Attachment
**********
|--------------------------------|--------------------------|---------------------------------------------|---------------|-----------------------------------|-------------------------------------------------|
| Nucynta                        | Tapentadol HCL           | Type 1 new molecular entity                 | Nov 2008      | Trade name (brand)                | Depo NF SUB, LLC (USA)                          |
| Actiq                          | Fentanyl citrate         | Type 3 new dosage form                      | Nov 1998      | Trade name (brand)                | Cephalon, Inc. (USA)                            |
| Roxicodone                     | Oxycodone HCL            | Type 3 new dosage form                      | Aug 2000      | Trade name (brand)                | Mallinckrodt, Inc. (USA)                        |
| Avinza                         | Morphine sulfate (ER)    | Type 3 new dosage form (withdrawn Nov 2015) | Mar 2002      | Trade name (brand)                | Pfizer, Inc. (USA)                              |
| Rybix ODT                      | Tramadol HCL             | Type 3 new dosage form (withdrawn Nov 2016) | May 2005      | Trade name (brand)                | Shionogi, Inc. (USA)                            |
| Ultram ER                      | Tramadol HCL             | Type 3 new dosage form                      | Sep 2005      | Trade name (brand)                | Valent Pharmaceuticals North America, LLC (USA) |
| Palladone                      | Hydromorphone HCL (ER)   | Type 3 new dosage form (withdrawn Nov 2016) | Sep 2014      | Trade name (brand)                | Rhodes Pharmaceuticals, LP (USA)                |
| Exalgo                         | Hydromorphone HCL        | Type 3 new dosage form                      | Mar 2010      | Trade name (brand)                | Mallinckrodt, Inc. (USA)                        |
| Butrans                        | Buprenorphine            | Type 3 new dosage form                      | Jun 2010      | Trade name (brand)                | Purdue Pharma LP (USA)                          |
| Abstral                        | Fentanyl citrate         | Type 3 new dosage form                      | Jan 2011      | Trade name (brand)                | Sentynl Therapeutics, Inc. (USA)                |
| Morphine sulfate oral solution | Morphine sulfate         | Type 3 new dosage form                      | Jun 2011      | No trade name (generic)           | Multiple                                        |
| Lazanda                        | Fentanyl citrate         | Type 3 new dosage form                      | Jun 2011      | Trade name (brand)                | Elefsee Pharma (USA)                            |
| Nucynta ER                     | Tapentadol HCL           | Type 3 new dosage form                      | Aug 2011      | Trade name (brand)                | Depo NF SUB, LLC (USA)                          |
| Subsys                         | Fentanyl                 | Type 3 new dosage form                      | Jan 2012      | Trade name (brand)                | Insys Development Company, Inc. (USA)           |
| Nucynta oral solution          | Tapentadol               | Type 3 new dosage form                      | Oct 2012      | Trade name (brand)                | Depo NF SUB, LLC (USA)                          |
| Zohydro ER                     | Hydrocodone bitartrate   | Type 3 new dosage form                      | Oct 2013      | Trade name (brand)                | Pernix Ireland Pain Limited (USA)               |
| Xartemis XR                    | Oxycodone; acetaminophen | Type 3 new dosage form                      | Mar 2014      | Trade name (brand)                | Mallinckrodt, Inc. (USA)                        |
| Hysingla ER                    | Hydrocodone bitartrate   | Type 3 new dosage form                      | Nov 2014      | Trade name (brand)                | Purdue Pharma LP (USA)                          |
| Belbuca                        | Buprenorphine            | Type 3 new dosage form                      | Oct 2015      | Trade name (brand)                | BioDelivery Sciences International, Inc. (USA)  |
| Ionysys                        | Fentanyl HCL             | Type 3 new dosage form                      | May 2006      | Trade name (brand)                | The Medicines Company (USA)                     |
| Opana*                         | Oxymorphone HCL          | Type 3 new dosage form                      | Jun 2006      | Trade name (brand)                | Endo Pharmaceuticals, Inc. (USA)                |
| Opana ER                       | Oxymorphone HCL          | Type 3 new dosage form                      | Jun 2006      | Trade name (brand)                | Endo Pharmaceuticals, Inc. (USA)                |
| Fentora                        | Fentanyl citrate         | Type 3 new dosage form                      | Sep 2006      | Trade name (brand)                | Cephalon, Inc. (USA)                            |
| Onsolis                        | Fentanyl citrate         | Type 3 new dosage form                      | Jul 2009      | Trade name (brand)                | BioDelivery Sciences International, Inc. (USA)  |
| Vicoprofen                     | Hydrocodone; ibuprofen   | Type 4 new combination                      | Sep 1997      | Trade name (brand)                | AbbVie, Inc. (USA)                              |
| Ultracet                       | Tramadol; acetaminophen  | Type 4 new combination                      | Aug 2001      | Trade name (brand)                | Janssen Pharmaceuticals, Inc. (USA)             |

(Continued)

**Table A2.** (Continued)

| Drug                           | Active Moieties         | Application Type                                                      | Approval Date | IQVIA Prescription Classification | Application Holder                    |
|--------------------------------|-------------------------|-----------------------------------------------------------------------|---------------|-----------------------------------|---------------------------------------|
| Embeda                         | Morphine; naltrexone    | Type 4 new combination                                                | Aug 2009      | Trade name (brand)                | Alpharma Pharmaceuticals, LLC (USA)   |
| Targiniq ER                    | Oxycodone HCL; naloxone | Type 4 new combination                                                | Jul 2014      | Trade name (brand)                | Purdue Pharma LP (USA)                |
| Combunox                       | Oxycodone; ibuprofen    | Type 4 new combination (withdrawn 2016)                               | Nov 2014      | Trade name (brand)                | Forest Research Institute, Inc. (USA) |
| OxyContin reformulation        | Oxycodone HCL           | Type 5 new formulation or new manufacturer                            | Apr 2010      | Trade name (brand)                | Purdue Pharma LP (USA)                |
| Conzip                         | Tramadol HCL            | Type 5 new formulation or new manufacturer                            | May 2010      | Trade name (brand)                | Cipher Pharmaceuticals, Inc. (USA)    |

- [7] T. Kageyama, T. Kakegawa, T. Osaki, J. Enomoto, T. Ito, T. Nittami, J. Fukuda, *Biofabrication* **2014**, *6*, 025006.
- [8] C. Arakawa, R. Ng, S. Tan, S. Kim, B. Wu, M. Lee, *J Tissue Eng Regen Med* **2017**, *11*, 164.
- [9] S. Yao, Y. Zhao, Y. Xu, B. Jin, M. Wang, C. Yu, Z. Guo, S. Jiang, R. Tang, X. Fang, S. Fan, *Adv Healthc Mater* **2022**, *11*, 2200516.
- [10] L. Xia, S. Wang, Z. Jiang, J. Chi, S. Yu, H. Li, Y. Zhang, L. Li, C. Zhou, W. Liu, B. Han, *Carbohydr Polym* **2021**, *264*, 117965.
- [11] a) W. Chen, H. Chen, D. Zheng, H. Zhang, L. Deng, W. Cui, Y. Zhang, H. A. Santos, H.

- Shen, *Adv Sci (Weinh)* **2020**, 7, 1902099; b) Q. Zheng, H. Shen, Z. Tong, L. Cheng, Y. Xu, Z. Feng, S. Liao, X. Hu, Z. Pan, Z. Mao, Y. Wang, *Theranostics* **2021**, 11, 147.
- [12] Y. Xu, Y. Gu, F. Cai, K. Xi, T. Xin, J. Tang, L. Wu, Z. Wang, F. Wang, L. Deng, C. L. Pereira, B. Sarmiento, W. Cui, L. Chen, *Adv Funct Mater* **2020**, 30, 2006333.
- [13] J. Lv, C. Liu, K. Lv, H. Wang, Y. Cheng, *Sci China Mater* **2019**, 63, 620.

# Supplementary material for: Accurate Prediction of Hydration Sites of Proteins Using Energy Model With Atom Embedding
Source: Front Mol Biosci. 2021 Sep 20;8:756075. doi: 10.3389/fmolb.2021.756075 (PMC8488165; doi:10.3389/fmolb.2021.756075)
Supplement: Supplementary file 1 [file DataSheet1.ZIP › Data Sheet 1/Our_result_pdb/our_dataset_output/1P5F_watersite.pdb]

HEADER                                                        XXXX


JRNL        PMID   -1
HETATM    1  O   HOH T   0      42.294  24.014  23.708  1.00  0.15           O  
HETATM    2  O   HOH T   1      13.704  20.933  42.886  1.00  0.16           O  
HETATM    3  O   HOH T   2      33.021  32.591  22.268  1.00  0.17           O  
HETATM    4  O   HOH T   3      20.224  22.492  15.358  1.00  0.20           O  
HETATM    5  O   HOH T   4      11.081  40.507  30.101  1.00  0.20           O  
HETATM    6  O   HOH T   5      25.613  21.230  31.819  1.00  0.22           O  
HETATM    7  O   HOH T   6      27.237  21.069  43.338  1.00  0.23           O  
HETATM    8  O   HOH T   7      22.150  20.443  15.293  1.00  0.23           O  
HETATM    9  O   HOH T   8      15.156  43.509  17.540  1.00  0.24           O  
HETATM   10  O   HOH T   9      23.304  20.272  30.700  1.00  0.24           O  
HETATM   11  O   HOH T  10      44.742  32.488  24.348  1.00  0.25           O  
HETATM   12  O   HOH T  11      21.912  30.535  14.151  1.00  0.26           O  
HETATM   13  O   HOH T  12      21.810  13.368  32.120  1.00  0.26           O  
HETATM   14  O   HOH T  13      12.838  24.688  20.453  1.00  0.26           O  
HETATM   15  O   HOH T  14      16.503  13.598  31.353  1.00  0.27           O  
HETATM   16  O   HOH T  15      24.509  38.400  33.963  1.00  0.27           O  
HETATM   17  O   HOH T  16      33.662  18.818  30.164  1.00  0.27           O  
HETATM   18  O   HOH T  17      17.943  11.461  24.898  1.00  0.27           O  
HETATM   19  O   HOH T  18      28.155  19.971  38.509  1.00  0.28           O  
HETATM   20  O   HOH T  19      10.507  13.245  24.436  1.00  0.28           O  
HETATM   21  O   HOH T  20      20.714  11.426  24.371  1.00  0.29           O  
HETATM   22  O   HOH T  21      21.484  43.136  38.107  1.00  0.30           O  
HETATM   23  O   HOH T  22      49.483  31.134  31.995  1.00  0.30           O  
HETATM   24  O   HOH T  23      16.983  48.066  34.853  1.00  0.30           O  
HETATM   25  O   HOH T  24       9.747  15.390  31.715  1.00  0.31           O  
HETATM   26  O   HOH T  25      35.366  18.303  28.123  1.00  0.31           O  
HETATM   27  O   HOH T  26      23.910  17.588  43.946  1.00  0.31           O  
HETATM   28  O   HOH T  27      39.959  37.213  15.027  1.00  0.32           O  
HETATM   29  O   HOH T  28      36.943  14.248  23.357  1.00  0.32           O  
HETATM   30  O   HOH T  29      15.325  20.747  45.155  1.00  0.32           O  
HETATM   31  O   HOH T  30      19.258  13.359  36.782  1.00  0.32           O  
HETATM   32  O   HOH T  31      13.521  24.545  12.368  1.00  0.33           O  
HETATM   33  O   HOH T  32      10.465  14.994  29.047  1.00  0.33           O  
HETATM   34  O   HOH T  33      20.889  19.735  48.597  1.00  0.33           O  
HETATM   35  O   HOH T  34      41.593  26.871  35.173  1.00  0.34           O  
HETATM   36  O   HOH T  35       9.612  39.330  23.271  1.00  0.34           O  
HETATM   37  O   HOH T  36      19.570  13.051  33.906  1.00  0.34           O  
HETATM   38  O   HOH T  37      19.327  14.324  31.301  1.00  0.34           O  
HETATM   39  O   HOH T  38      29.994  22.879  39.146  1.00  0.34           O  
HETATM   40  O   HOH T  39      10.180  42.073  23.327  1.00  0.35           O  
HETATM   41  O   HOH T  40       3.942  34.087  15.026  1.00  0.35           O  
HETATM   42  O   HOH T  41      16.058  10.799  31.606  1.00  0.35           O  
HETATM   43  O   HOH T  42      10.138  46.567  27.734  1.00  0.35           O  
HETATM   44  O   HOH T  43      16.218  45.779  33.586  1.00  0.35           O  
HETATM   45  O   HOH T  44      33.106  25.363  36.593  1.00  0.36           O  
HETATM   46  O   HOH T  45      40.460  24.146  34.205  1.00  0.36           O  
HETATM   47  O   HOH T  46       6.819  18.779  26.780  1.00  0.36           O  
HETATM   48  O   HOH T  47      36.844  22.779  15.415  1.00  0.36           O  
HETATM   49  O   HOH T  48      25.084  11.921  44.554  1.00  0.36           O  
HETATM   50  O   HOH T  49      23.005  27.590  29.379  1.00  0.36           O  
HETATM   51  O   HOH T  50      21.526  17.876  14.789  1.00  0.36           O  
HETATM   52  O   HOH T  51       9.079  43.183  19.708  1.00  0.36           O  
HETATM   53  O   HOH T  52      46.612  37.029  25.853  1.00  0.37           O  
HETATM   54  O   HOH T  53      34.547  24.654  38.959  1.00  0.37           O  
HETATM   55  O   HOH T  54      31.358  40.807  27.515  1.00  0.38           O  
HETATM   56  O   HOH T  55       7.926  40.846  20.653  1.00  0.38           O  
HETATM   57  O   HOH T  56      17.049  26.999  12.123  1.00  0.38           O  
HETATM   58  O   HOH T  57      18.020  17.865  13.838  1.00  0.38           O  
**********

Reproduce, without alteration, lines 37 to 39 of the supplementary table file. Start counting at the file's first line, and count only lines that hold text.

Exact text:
- [7] T. Kageyama, T. Kakegawa, T. Osaki, J. Enomoto, T. Ito, T. Nittami, J. Fukuda, *Biofabrication* **2014**, *6*, 025006.
- [8] C. Arakawa, R. Ng, S. Tan, S. Kim, B. Wu, M. Lee, *J Tissue Eng Regen Med* **2017**, *11*, 164.
- [9] S. Yao, Y. Zhao, Y. Xu, B. Jin, M. Wang, C. Yu, Z. Guo, S. Jiang, R. Tang, X. Fang, S. Fan, *Adv Healthc Mater* **2022**, *11*, 2200516.